Mixed Results for Oregon School Safety Threat Drills

In Oregon's largest school district, only two of nine high schools met the requirements of a state law that says campuses must hold two "safety threat" drills each year. In the wake of recent school shootings around the United States (74 since the beginning of 2013 according to website Everytown), these drills are meant to prepare students for such an event in their own school.

Many Portland-area schools are holding "lockdown team responses" in place of drills, where classroom activities continue as normal while a staff team responds to the threat, writes Nick Budnick for The Oregonian.

Rep. Betty Komp, the lawmaker, said Portland's use of lockdown team responses that are confined to school staff "certainly does not qualify" under the law, which explicitly is intended to train students in what to do.

The statute says drills such as lockdowns exist so "students can respond to an emergency without confusion or panic."

Portland school district officials claim the team responses are an effective use of an already shortened school year.

According to statistics from the Bureau of Justice, 1 in every 4.5 million school children between the ages of 5-18 dies from homicide each year at school, on the way there, or on the way home. That's relatively 10-30 children per year.

And Oregon is no exception.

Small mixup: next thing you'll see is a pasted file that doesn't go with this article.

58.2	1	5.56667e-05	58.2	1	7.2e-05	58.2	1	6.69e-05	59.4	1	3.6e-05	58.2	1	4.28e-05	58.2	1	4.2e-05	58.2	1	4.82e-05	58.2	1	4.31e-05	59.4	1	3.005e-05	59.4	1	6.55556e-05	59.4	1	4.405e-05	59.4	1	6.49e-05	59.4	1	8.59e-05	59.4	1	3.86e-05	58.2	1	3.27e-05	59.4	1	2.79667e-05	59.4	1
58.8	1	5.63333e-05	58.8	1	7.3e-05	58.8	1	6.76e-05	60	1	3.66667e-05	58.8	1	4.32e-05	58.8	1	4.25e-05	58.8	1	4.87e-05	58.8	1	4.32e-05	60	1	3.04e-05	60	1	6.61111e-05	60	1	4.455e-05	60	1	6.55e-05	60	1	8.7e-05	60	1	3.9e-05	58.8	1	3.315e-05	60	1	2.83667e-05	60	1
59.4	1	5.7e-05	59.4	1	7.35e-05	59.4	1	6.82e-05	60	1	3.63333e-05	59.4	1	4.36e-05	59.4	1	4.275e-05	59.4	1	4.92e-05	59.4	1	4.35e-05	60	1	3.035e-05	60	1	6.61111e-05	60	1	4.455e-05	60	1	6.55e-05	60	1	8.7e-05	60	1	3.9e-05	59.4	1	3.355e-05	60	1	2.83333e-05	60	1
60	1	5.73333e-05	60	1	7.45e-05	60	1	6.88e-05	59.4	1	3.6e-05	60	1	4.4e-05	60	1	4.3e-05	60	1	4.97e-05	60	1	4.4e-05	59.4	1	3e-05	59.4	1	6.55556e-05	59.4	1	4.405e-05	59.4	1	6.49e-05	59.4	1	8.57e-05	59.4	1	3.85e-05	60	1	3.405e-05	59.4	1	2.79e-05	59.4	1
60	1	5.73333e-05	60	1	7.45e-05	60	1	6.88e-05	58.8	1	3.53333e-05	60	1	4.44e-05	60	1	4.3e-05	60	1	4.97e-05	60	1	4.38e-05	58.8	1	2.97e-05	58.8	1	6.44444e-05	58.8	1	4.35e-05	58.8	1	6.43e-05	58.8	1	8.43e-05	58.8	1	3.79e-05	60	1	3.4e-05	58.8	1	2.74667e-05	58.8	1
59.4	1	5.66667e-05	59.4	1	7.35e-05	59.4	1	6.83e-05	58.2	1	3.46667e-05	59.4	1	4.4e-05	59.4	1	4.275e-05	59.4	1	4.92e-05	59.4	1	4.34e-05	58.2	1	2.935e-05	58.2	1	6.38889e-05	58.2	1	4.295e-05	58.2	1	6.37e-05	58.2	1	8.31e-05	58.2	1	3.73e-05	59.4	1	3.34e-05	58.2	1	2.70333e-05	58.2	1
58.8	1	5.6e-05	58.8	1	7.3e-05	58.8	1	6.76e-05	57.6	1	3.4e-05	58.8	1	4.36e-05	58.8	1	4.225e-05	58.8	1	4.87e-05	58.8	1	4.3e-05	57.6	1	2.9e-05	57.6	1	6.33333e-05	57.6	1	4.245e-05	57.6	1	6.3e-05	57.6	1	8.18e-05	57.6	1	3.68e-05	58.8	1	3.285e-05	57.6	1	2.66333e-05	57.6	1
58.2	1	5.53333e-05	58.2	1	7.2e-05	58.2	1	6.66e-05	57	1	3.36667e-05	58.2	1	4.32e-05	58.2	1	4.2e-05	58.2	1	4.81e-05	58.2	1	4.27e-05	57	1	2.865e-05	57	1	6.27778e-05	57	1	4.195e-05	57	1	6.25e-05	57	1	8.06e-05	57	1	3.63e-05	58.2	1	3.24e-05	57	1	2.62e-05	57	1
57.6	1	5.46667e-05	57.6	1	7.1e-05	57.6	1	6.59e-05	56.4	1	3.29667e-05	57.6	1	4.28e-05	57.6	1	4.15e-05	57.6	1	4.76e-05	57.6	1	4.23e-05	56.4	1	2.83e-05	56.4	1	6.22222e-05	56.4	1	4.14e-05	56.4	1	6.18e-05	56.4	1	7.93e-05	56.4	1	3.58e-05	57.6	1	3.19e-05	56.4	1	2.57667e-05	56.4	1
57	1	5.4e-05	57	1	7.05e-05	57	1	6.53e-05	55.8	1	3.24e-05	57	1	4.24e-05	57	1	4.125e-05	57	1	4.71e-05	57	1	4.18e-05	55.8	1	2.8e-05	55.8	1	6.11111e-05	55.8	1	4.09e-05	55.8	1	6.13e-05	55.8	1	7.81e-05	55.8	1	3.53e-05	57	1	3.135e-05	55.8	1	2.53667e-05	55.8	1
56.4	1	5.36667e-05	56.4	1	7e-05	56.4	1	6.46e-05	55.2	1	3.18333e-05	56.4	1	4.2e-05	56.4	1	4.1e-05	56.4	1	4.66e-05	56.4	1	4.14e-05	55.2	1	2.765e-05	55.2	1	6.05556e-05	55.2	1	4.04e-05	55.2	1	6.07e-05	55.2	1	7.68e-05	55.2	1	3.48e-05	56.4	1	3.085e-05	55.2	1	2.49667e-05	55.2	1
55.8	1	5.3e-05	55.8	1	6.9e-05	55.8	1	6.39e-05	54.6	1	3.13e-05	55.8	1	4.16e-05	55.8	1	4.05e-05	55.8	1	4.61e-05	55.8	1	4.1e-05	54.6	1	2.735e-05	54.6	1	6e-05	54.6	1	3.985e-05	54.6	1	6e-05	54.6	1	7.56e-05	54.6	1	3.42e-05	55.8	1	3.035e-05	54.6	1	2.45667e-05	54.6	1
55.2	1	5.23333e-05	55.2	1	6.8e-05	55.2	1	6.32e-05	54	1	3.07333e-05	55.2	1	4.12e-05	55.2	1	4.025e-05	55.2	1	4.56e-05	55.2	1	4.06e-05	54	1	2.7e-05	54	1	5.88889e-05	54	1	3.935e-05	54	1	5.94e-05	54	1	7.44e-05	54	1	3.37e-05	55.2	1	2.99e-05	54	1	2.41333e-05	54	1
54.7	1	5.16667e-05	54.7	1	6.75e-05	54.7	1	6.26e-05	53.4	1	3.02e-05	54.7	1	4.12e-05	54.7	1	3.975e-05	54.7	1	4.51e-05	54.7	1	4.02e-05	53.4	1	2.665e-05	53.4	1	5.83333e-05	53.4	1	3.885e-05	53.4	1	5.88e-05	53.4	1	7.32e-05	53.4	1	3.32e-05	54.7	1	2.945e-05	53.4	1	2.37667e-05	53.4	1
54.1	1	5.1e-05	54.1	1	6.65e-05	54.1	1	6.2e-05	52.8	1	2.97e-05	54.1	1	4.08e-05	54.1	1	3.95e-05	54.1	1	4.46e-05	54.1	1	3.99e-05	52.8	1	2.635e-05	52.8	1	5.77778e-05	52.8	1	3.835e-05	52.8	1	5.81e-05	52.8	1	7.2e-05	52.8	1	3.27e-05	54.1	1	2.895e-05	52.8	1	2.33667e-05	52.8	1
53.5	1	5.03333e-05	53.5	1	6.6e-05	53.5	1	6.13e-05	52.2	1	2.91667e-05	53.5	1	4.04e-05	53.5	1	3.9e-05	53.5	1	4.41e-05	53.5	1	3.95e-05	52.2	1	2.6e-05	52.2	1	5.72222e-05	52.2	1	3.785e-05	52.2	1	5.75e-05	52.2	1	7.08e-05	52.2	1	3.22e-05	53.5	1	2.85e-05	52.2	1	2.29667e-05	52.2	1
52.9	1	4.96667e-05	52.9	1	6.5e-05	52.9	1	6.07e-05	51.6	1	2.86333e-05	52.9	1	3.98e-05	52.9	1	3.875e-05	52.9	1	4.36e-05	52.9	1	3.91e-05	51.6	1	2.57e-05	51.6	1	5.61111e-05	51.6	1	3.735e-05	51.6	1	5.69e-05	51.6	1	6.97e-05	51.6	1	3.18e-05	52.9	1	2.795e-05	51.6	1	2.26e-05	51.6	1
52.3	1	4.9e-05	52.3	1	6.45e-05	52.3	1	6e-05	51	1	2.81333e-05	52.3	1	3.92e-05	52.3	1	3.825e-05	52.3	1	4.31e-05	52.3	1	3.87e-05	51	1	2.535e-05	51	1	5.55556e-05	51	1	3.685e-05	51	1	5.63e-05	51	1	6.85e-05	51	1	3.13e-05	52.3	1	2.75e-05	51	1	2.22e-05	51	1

On June 10, a shooter entered Reynolds High School and opened fire, killing one student, and then eventually himself, reported Dana Ford for CNN. Thanks to a teacher's quick thinking, the school was put on lockdown and police were notified before more were hurt.

Because of the law and the safety threat drills, the students knew what to do when the lockdown was put into effect.

"Without the quick and well-executed response, this tragedy could have been much worse," the Reynolds School District said in a statement.

Portland Association of Teachers president Gwen Sullivan noted the importance of the lockdown drills in the Reynolds incident, mentioning that teacher's contracts allow for even more safety training that what is being currently provided.

Speaking about Todd Rispler, the gym teacher whose quick acting placed Reynold's high school on lockdown, Sullivan noted:

"He knew exactly what to do," Sullivan said. "I would say that given what happened at Reynolds, it could be the difference between life and death."

For schools in other Oregon school districts, more training is already being seen. Lincoln County School District performs a fire drill each month, along with one other safety drill. According to safety manager Sue Graves:

"We do lockdown drills, shelter-in-place drills, room-clear drills. It's a pretty robust drill schedule," Graves said.

According to Lori Grisham for USA Today, teachers are becoming better trained at how to discuss these happenings with students, as well as look for the warning signs of events to come.

"The human things we can do are going to be much more effective than the technology or bringing in more guns," said Curtis Lavarello, executive director of the School Safety Advocacy Council.

Lawmakers plan on adding legislation next year so that school districts cannot misinterpret the law.

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